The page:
Consumer Energy Alliance (CEA)

Consumer Energy Alliance (CEA)


The Consumer Energy Alliance (CEA) is an energy industry PR and government affairs organization founded by Republican lobbyist Michael Whatley of HBW Resources, a leading proponent of the Keystone XL Pipeline and the Canadian tar sands industry. [1], [2], [3]

The CEA receives financial backing from petroleum giants, with its member groups including BP, ExxonMobil, Shell, and Chevron, among many others. With operational support from petroleum, gas, and energy infrastructure associations, the CEA engages in targeted media messaging and government lobbying to advance pro-industry agenda items such as offshore drilling, deregulation, and refineries expansion. [4]

The Center for Public Integrity (CIP) reported the group was founded in 2006, with a formative board consisting of executives from Shell and Hess Corporation, as well as a number of other industries. Jim Martin, Chairman of the 60 Plus Association, was also a board member. [5]

According their website, CEA is the leading consumer advocate in support of affordable, reliable energy for working families, seniors, and small businesses across the country.” [6]

In 2011, FOIA requests and investigative reporting by confirmed the CEA is an industry front group established to influence public perception and government regulation in favor of extractive energy industries. [1], [7]

CEA has faced multiple accusations (2014, 2016, and most recently in 2018) of submitting fake comments in support of legislation that would benefit utility companies, often at the cost of higher energy prices for consumers.

Pro-Industry Stance

In documents filed with the IRS, the CEA describes their primary exempt purpose as a non-profit organization as “Education of the General Public,” and have listed their stated mission is “to expand the dialogue between the energy and consuming sectors.” [8]

As part of its purpose and mission, the CEA has engaged in media campaigns critical of proposed Low Carbon Fuel Standards. In 2011 tax filings the CEA listed as an accomplishment under its exempt purposes “specific outreach/education efforts to improve public understanding and negative economic impacts associated with currently proposed LCFS programs.” [8]

Energy4Us describes itself as a “coalition of consumers, businesses and workers united in the belief that energy empowers us, allows us choices and improves our quality of life.” The group includes members such American Fuel & Petrochemical Manufacturers and has focused on fighting against the renewable fuel standard among other regulations on the fossil fuel industry. [9]

According to the Internet Archive, as of 2015 the Consumer Energy Alliance's former website redirected to ( is now owned by an industrial supply company).

Internet Archive Redirect

The first and second blog posts at the Energy4US website reaffirm that grew from CEA's SecureOurFuels campaign. [10], [11]

Before SecureOurFuels (SOF) began redirecting to the Energy4US website in 2015, contact information at the SOF website listed names of CEA staff members Casey O’Shea, Michael Whatley and David Holt. Michael Whatley and David Holt are two of the three founders and partners listed at HBW Resources. [12]

The website features CEA vice president Michael Whatley’s work on low carbon fuel standards repeatedly. Referring to Whatley as a “leading low-carbon fuel expert,” the website also features Whatley’s talking points on its “Gettin’ the facts out” page. [13], [14]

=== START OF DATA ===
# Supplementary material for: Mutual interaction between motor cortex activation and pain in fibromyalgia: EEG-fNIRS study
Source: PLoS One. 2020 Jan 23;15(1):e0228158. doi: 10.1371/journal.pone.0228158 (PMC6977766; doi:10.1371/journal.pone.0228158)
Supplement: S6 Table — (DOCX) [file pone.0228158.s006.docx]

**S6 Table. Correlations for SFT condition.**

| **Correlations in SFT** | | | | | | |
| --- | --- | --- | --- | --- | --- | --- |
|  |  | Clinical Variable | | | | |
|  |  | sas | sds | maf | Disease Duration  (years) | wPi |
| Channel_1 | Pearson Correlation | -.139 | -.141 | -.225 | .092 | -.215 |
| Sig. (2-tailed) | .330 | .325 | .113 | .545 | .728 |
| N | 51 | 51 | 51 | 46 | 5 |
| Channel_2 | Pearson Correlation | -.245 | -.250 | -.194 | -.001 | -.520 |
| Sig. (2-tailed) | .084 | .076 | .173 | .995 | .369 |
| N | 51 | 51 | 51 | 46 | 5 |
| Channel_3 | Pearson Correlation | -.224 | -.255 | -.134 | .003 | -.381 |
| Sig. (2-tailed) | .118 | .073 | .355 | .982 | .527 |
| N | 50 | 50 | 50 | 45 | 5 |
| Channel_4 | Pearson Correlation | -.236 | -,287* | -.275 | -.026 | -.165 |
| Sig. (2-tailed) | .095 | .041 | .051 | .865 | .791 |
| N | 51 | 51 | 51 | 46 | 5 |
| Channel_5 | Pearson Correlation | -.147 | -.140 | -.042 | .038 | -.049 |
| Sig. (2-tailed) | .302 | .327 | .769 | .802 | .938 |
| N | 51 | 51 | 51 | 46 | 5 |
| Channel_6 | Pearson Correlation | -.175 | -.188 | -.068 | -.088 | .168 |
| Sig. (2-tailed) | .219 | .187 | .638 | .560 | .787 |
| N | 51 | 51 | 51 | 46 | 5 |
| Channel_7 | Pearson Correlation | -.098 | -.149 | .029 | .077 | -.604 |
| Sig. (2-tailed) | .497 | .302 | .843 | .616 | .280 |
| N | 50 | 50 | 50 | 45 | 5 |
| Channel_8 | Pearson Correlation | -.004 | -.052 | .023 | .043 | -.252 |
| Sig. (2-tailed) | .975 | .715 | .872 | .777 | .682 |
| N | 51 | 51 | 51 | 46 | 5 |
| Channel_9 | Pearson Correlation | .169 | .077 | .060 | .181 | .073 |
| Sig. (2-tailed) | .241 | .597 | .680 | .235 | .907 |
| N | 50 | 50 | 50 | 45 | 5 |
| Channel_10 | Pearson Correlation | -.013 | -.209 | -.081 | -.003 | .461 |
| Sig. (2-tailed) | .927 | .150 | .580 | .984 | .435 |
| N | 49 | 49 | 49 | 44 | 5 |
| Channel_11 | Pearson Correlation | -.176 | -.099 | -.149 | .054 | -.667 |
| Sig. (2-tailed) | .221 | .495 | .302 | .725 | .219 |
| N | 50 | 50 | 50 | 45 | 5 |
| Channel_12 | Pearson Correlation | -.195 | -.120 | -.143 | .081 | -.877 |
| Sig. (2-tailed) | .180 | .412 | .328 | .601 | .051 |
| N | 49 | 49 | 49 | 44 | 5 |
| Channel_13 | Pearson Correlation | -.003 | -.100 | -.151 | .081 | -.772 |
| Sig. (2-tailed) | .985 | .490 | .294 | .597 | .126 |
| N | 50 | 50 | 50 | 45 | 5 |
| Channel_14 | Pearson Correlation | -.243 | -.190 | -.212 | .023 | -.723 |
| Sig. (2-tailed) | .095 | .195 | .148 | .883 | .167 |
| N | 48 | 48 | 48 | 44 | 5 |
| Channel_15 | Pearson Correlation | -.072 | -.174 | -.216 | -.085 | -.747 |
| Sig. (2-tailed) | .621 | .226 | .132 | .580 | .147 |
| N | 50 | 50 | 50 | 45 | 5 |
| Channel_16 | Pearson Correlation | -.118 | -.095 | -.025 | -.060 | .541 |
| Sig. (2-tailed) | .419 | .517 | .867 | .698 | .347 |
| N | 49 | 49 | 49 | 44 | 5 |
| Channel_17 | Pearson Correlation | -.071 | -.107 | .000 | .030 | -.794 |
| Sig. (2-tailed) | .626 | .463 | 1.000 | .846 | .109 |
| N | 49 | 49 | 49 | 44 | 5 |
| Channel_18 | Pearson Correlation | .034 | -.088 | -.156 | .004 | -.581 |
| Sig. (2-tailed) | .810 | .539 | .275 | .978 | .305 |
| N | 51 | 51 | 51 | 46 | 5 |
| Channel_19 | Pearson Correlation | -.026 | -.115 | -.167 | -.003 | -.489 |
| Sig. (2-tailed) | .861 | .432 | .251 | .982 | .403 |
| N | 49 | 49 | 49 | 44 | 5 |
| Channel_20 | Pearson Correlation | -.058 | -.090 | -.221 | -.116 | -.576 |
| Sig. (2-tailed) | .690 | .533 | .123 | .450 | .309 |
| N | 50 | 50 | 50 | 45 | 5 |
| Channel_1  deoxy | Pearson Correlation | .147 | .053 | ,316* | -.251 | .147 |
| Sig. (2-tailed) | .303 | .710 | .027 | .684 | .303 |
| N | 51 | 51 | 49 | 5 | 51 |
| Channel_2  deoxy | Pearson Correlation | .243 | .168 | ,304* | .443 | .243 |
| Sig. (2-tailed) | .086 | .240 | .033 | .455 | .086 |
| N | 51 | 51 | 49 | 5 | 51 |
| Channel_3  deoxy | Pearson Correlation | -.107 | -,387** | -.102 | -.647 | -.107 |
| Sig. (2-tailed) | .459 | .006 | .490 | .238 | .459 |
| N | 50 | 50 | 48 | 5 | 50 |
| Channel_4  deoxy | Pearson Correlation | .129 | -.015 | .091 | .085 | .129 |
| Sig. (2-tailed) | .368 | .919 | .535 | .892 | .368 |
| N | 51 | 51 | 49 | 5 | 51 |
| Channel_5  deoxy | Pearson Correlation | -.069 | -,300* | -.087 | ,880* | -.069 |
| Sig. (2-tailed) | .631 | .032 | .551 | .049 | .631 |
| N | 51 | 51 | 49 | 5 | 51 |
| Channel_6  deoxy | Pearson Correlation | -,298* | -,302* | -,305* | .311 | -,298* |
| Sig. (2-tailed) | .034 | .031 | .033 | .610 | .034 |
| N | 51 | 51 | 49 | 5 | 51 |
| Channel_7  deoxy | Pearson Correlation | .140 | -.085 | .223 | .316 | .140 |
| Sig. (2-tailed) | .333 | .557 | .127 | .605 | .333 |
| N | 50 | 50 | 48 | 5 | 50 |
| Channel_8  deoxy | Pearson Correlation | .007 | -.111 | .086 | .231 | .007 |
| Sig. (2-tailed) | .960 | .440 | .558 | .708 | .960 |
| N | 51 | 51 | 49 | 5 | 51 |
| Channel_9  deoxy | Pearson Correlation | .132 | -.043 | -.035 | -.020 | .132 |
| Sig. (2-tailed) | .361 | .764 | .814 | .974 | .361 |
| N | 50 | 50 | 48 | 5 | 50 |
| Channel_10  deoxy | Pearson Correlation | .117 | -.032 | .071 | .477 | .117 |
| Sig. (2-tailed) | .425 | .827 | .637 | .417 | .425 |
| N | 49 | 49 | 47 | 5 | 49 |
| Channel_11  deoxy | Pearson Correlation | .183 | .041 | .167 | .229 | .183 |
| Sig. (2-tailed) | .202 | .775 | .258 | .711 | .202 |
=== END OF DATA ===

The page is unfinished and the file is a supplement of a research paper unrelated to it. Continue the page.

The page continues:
American Legislative Exchange Council (ALEC) Ties

The Center for Media and Democracy's PR Watch reported that CEA's Michael Whatley regularly attended ALEC meetings. In August 2013, he attended their International Relations Task Force meeting with a briefing on the KXL pipeline. CEA has repeatedly attended ALEC events, often to present on issues related to the Keystone pipeline. [15]

CEA was also a sponsor of an “ALEC Academy” in Alberta focused on the tar sands, according to documents obtained by CMD[16]

CEA, HBW Resources, and Outer Continental Shelf Governors Coalition

In 2015, Facing South published the results of an 18-month investigation, and outlined the “unusual relationship” between the the Outer Continental Shelf Governors Coalition, a group founded in 2011 to expand offshore drilling following the BP Deepwater Horizon disaster, HBW Resources and its “sister group,” the Consumer Energy Alliance. [17]

Staff for CEA and HBW Resources has largely overlapped, with a few exceptions. Littlesis has outlined some of the connections between the two groups. [5], [18]

HBW Resources also received of of CEA's expenses in 2016, as shown in IRS filings and reported at the Energy and Policy Institute. From 2010 to 2016, HBW received a total of $7,717,053 from CEA according to tax forms. [19]

Stance on Climate Change

July 3, 2013

Michael Whatley described President Obama's climate change plan as “troubling”: [20]

“What’s so troubling about these potential EPA regulations? For electricity consumers, the rules will undoubtedly lead to an uncertain future for coal, but clear ramifications for consumers: less fuel diversity and higher electricity costs. EPA’s actions have the potential to shutter hundreds of coal-fired power plants across the nation, forcing utilities to switch generation fuel and invest billions in upgrades and new facilities. All this means higher costs for ratepayers.

“With coal producing over 40% of our nation’s electricity, limiting its potential will present a significant set of challenges that need to be carefully analyzed before we move forward with anything as ambitious as the President has outlined.”


“The President has laid out an aggressive plan – a plan that includes measures which will significantly and adversely affect electricity consumers across the United States for decades to come. Every homeowner, business, manufacturer and electricity consumer will undoubtedly feel the painful effects of higher energy costs under the President’s proposed plan. Congress must take an active oversight role in order to prevent these negative ramifications for our nation’s electricity consumers.”